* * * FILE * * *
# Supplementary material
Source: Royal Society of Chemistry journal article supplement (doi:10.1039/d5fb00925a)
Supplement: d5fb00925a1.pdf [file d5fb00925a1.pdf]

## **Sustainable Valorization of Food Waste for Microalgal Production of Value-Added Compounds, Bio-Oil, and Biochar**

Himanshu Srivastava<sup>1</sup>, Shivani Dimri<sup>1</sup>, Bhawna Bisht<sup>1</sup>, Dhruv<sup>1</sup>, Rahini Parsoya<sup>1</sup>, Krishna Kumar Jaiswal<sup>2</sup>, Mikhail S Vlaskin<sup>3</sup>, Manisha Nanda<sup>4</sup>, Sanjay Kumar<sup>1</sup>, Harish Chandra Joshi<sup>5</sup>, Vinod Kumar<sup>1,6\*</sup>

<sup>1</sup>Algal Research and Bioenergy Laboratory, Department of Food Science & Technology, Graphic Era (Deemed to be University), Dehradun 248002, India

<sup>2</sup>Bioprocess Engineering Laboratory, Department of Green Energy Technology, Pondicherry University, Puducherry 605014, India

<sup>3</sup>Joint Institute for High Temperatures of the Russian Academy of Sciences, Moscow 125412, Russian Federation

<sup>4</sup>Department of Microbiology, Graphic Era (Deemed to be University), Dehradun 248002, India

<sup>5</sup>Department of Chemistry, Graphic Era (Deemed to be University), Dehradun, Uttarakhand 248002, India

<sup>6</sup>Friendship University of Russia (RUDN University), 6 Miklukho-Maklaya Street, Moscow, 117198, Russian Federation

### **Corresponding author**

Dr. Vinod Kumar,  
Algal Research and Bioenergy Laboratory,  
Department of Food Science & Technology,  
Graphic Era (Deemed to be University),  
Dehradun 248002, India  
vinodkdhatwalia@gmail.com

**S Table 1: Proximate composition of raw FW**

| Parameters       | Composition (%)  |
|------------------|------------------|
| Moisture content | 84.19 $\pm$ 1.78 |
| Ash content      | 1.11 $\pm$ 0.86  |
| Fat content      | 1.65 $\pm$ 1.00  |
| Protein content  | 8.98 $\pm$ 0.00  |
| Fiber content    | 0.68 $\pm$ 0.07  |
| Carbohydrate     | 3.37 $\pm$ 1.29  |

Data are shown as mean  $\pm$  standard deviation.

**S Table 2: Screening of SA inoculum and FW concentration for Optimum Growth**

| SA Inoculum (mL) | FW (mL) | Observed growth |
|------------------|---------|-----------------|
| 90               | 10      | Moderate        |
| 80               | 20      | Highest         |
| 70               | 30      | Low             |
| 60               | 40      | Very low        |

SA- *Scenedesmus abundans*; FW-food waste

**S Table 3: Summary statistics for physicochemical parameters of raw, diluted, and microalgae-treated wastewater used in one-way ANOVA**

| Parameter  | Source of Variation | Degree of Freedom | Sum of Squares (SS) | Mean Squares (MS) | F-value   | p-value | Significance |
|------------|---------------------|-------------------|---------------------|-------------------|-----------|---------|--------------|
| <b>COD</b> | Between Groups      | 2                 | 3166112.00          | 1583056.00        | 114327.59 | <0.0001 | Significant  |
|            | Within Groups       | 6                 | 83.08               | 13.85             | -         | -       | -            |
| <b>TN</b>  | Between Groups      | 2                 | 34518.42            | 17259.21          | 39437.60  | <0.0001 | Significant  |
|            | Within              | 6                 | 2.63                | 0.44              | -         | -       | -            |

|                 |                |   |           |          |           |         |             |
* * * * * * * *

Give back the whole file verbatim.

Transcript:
# Supplementary material
Source: Royal Society of Chemistry journal article supplement (doi:10.1039/d5fb00925a)
Supplement: d5fb00925a1.pdf [file d5fb00925a1.pdf]

## **Sustainable Valorization of Food Waste for Microalgal Production of Value-Added Compounds, Bio-Oil, and Biochar**

Himanshu Srivastava<sup>1</sup>, Shivani Dimri<sup>1</sup>, Bhawna Bisht<sup>1</sup>, Dhruv<sup>1</sup>, Rahini Parsoya<sup>1</sup>, Krishna Kumar Jaiswal<sup>2</sup>, Mikhail S Vlaskin<sup>3</sup>, Manisha Nanda<sup>4</sup>, Sanjay Kumar<sup>1</sup>, Harish Chandra Joshi<sup>5</sup>, Vinod Kumar<sup>1,6\*</sup>

<sup>1</sup>Algal Research and Bioenergy Laboratory, Department of Food Science & Technology, Graphic Era (Deemed to be University), Dehradun 248002, India

<sup>2</sup>Bioprocess Engineering Laboratory, Department of Green Energy Technology, Pondicherry University, Puducherry 605014, India

<sup>3</sup>Joint Institute for High Temperatures of the Russian Academy of Sciences, Moscow 125412, Russian Federation

<sup>4</sup>Department of Microbiology, Graphic Era (Deemed to be University), Dehradun 248002, India

<sup>5</sup>Department of Chemistry, Graphic Era (Deemed to be University), Dehradun, Uttarakhand 248002, India

<sup>6</sup>Friendship University of Russia (RUDN University), 6 Miklukho-Maklaya Street, Moscow, 117198, Russian Federation

### **Corresponding author**

Dr. Vinod Kumar,  
Algal Research and Bioenergy Laboratory,  
Department of Food Science & Technology,  
Graphic Era (Deemed to be University),  
Dehradun 248002, India  
vinodkdhatwalia@gmail.com

**S Table 1: Proximate composition of raw FW**

| Parameters       | Composition (%)  |
|------------------|------------------|
| Moisture content | 84.19 $\pm$ 1.78 |
| Ash content      | 1.11 $\pm$ 0.86  |
| Fat content      | 1.65 $\pm$ 1.00  |
| Protein content  | 8.98 $\pm$ 0.00  |
| Fiber content    | 0.68 $\pm$ 0.07  |
| Carbohydrate     | 3.37 $\pm$ 1.29  |

Data are shown as mean  $\pm$  standard deviation.

**S Table 2: Screening of SA inoculum and FW concentration for Optimum Growth**

| SA Inoculum (mL) | FW (mL) | Observed growth |
|------------------|---------|-----------------|
| 90               | 10      | Moderate        |
| 80               | 20      | Highest         |
| 70               | 30      | Low             |
| 60               | 40      | Very low        |

SA- *Scenedesmus abundans*; FW-food waste

**S Table 3: Summary statistics for physicochemical parameters of raw, diluted, and microalgae-treated wastewater used in one-way ANOVA**

| Parameter  | Source of Variation | Degree of Freedom | Sum of Squares (SS) | Mean Squares (MS) | F-value   | p-value | Significance |
|------------|---------------------|-------------------|---------------------|-------------------|-----------|---------|--------------|
| <b>COD</b> | Between Groups      | 2                 | 3166112.00          | 1583056.00        | 114327.59 | <0.0001 | Significant  |
|            | Within Groups       | 6                 | 83.08               | 13.85             | -         | -       | -            |
| <b>TN</b>  | Between Groups      | 2                 | 34518.42            | 17259.21          | 39437.60  | <0.0001 | Significant  |
|            | Within              | 6                 | 2.63                | 0.44              | -         | -       | -            |

|                 |                |   |           |          |           |         |             |